DB: actually Tolkien was a professor of literature and language - not history - specializing in ancient Germanic. His metier was old anglo-saxon (Beowolf and Arthurian adventure stories) with a sideline in old norse. The stories he cut his teeth on were not medieval even if they were written down in 13-14th centuries. They portrayed an idealized heroic age were serfdom didn't exist and gods, heroes and magic swords mixed it up with fair damsels, dwarves and dragons.

I'm sure JRR know his medieval history too but that wasn't what interested him. The setting of gods and heroes was a backdrop for explorations of courage and honor, wisdom and beauty. Hobbits may have lived close to the soil but they never got dirty. For this we should not blame him for lack of verisimilitude; nobody misses the lack of horse flops and B.O. in a sword and sorcery tale. It ain't about that.

Henry V was a Most Christian Majesty and mired in the shit of realpolitik. JRR wrote about a pagan society still unpolluted by religion.

It's an interesting comparison of different conceptions of wisdom between the biblical King Solomon and the pagan King Heidrek. Heidrek was a primary source for Tolkien. It's where he got the riddle game and the cursed talking sword of the Silmarillion and it perfectly encapsulates the pagan Germanic ethos he portrays so well. (His son Christopher Tolkien translated it.)

I would have liked that lembas recipe though.

Alfred Differ said...

The only people in Tolkien's books who are free by modern standards are the hobbits largely as a result of neglect or the absence of some lord somewhere projecting power there. That lines up partially with English history in some pre-industrial times when the aristocrats were pre-occupied or too in-bred.

Everyone else was not free by modern standards. They might not be upset at their lord/king, but that's not freedom. They were subject to whim and accepted that as fact.


His fans love the elves, dwarves, and noble men. They cling to romanticism. I do too at times, but when I constructed game play environments, I always cast the elves as enemies of free peoples. Certain elves might not be, but on average I ALWAYS cast them that way because that's how I saw them in Tolkien's work. The orcs might eat men, but the elves would slowly impose structures upon them. They could afford to wait… and choose.

Tolkien HAD to remove them from the stage for the next age to belong to men.

Alfred Differ said...

Der Oger,

We don't all agree on the definitions of the cardinal virtues let alone acknowledge them in people we already dislike.

For example, courage used to be restricted to martial examples. A man could be courageous on a battlefield, but no where else. Many of us don't accept that now and the change can be tracked back to when the Dutch kicked out the Hapsburgs. What remains as the definition is still disjointed, though. Many think it is possible to be courageous in private. Many others reject that. We haven't settled around a dominant meaning yet.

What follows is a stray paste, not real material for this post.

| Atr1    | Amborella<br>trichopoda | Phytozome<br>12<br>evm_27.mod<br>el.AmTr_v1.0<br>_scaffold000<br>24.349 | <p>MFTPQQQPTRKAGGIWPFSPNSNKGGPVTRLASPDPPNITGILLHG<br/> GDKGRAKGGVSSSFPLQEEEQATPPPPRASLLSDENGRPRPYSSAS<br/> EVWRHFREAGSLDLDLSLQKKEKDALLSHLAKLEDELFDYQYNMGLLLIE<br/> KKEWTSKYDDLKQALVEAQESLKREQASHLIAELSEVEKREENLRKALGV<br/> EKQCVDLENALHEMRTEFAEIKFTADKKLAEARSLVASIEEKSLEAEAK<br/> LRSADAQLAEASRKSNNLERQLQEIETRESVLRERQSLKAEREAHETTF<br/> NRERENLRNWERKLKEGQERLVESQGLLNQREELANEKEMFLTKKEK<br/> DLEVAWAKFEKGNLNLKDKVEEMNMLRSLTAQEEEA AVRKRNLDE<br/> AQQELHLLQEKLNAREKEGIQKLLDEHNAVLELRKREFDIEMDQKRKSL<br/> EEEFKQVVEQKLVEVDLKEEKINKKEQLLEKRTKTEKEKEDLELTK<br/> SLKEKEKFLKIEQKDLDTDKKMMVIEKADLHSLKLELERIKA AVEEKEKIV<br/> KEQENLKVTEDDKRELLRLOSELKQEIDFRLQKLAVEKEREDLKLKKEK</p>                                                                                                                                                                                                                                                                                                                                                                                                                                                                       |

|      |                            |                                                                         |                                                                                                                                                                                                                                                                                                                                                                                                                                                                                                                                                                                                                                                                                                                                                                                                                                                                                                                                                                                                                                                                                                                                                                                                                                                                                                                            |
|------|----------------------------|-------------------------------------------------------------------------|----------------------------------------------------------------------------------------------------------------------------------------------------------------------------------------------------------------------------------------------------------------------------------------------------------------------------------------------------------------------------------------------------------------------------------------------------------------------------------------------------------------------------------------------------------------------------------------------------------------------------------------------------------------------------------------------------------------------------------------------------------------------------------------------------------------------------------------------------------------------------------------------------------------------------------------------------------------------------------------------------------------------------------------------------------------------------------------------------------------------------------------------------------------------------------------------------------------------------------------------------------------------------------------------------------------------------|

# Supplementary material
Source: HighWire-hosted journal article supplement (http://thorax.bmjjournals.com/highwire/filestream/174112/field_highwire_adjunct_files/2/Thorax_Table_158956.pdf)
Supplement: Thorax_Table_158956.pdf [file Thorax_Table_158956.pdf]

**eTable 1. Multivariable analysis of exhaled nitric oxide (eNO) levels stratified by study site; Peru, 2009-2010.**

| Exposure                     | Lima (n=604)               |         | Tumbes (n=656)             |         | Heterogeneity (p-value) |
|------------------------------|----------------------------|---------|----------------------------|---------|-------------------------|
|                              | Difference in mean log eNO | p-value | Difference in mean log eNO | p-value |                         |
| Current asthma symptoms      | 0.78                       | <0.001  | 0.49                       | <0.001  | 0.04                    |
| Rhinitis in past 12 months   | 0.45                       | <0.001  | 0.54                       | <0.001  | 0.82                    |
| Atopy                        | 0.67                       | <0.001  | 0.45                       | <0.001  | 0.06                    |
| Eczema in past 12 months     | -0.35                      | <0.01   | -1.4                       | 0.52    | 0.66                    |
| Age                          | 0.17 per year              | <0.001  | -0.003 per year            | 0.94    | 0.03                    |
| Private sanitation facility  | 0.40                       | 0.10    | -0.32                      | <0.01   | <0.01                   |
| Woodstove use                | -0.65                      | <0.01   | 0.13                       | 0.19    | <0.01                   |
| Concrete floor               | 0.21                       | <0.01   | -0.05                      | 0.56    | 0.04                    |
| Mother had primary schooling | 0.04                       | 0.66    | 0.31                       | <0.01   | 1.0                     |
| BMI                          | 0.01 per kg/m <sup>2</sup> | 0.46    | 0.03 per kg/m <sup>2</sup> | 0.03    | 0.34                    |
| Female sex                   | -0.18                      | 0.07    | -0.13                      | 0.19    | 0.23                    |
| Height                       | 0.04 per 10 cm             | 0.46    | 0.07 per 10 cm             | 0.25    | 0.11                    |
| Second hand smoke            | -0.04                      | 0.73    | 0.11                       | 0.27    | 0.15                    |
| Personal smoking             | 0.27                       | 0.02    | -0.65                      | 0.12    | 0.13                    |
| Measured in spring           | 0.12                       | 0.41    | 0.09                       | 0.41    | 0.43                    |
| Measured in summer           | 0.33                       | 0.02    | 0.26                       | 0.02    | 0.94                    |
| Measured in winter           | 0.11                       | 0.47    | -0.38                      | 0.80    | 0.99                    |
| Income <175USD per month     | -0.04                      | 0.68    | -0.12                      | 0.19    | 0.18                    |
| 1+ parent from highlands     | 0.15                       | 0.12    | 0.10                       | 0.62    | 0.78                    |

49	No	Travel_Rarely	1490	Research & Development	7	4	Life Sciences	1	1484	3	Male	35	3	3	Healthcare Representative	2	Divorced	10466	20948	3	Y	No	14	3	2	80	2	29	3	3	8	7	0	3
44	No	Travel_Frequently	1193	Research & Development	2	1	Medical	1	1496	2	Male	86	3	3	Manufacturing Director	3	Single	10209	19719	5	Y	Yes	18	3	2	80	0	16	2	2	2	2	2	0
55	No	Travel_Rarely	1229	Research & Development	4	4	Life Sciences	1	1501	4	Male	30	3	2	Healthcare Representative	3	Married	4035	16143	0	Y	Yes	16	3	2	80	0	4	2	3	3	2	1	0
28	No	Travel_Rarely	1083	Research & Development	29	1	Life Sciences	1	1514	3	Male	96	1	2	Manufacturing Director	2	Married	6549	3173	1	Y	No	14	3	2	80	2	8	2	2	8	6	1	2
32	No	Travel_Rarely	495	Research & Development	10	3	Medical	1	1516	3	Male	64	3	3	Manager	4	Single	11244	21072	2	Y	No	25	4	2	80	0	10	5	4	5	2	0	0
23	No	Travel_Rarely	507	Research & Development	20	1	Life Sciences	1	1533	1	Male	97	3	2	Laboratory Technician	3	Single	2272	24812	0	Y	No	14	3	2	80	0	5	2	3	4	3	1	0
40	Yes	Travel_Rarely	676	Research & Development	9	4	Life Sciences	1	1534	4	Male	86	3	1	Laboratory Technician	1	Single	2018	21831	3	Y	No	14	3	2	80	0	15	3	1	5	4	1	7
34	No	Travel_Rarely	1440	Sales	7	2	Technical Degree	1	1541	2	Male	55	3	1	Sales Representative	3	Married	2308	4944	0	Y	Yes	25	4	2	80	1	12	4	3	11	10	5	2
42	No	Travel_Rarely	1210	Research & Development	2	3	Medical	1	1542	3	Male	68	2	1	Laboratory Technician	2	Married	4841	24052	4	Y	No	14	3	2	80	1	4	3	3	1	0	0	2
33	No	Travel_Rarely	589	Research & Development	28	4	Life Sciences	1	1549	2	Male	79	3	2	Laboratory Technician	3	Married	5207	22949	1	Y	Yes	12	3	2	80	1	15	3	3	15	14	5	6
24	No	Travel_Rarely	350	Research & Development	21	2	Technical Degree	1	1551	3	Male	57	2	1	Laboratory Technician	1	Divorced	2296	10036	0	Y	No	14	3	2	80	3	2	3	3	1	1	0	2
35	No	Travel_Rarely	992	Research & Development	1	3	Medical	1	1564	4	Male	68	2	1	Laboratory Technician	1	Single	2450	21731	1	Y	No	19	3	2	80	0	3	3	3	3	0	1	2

We usually DO agree, though, with what qualifies as cowardice. That's where our host goes when he wants to challenge opponents with wagers. He's making a social display out of a call to conflict and putting money up so there are stakes for winning and losing. Courage in all ways except for the missing battlefield with guns or swords. Anyone running from him is a coward, right? Whether guns and swords are present or not, running from a social challenge is cowardice of a kind most of us accept as such.

At present, the vices are a little better defined over here. Displaying them brings down more consequences than being a person who is less than virtuous.

Alfred Differ said...

is China playing both sides in the war?

Of course they are.
We would too if we were in their position.


I'm cautiously optimistic about this whole war right now. If it stretches too long, Russia will demonstrate to the world they are at best a second rate power. *

If they do that, US foreign policy can afford to shift over the next generation as the other petro-princes lose relative power. Russia will just be another one of them.

* Sure. They have nukes. Those are expensive to maintain, though. Like Tolkien's elves, we'd wait them out.

Tony Fisk said...

Having earlier rolled my eyes at the 64km traffic jam of heavy metal the Russians have parked outside Kiev/Kyov, John Sweeney just made a remark* which puts a new spin on 'failing to succeed'. Hostages?

*"My working hypothesis is that the Ukrainians could blow it up at any moment. But, if they do that, then... Putin will... bomb Kyov to smithereens."

Tony Fisk said...

"A richly imagined universe of hope" is how I recall Time magazine describing the original SW.
Book of Boba could be better described as a poorly imagined backlot of despair. Even switching to season 2.5 of the Mandalorian halfway through doesn't save it.

Larry Hart said...

I usually intentionally make a fool of myself over the fact that we're leaving the six consecutive months with seven-or-more letters in the name behind and blah blah blah. Hard to get into the mood this year.